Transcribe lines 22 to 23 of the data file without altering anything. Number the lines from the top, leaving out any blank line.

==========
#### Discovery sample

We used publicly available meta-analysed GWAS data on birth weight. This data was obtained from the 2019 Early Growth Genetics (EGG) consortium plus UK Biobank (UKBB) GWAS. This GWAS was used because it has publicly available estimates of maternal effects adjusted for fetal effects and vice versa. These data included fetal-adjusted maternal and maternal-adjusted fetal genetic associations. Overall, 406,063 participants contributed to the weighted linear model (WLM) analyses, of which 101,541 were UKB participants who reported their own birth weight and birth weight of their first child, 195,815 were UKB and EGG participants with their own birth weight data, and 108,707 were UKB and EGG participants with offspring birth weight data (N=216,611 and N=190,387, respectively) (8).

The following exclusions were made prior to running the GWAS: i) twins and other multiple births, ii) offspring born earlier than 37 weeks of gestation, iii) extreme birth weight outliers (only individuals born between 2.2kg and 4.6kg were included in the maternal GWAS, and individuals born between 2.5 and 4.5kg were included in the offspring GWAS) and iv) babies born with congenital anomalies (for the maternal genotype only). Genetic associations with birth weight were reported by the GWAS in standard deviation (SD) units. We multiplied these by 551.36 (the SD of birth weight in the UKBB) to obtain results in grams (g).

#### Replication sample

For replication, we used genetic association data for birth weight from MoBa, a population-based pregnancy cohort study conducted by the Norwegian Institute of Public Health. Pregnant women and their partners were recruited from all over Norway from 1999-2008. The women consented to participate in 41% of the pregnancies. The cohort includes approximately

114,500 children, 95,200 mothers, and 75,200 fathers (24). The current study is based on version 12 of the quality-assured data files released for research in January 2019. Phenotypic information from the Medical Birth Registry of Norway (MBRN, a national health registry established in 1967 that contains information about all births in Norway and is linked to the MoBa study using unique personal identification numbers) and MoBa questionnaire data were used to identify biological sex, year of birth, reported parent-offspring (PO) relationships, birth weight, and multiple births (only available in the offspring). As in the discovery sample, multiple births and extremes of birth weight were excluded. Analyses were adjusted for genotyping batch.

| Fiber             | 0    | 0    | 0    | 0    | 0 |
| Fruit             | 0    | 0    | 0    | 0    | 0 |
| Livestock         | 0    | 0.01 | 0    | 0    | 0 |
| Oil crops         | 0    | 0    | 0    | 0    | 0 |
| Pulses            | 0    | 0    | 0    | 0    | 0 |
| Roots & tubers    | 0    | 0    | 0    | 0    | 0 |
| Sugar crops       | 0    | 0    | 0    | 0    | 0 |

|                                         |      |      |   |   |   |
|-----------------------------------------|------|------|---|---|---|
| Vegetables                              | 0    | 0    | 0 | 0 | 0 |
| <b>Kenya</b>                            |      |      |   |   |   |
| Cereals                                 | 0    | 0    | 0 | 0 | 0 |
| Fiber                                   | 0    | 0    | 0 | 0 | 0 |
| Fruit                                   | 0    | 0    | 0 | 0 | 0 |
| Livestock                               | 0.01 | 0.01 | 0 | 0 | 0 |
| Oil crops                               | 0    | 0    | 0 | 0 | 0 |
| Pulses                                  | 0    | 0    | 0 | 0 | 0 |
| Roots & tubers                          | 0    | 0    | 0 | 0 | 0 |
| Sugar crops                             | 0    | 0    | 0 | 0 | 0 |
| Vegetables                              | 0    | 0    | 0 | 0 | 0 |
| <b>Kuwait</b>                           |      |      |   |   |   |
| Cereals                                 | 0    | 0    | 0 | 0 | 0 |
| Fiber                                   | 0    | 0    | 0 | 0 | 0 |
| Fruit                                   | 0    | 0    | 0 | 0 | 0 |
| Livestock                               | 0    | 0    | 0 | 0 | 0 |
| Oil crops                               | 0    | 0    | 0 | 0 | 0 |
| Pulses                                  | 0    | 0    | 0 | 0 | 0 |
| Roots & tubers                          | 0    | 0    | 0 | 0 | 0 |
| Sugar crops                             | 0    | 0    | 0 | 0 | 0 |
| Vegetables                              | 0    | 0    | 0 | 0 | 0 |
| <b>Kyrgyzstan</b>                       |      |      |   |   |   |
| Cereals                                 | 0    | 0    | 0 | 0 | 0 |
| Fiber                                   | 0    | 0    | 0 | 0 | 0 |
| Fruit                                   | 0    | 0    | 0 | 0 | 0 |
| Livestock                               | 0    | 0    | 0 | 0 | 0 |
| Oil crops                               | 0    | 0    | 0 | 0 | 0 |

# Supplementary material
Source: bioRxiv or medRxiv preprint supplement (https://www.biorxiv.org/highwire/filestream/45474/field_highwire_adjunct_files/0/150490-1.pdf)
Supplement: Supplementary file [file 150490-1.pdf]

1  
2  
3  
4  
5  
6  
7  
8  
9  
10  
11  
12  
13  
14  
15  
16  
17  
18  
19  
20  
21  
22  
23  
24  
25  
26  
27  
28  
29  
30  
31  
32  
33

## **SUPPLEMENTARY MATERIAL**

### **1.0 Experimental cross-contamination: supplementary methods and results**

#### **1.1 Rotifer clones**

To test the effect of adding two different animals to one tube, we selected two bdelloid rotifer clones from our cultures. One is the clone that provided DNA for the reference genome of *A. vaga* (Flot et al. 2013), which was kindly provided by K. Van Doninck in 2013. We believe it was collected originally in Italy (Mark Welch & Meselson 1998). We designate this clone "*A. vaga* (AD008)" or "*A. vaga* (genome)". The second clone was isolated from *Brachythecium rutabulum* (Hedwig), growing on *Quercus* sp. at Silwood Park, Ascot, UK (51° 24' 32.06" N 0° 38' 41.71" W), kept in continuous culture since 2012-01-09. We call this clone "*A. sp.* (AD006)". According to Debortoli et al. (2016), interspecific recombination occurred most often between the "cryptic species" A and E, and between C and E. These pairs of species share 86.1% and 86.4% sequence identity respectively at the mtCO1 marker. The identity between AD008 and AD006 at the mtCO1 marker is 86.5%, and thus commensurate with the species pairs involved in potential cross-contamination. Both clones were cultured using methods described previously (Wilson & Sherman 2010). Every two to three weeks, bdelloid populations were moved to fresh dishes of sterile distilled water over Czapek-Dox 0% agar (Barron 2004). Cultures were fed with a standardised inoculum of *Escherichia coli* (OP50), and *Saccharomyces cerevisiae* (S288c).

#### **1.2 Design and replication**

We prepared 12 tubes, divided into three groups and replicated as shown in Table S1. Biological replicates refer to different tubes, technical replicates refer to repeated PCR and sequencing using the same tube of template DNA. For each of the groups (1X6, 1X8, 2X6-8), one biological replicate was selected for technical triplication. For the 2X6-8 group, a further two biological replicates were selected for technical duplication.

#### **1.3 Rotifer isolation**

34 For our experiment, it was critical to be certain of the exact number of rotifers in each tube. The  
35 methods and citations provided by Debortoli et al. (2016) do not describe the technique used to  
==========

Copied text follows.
| Oil crops                               | 0    | 0    | 0 | 0 | 0 |
| Pulses                                  | 0    | 0    | 0 | 0 | 0 |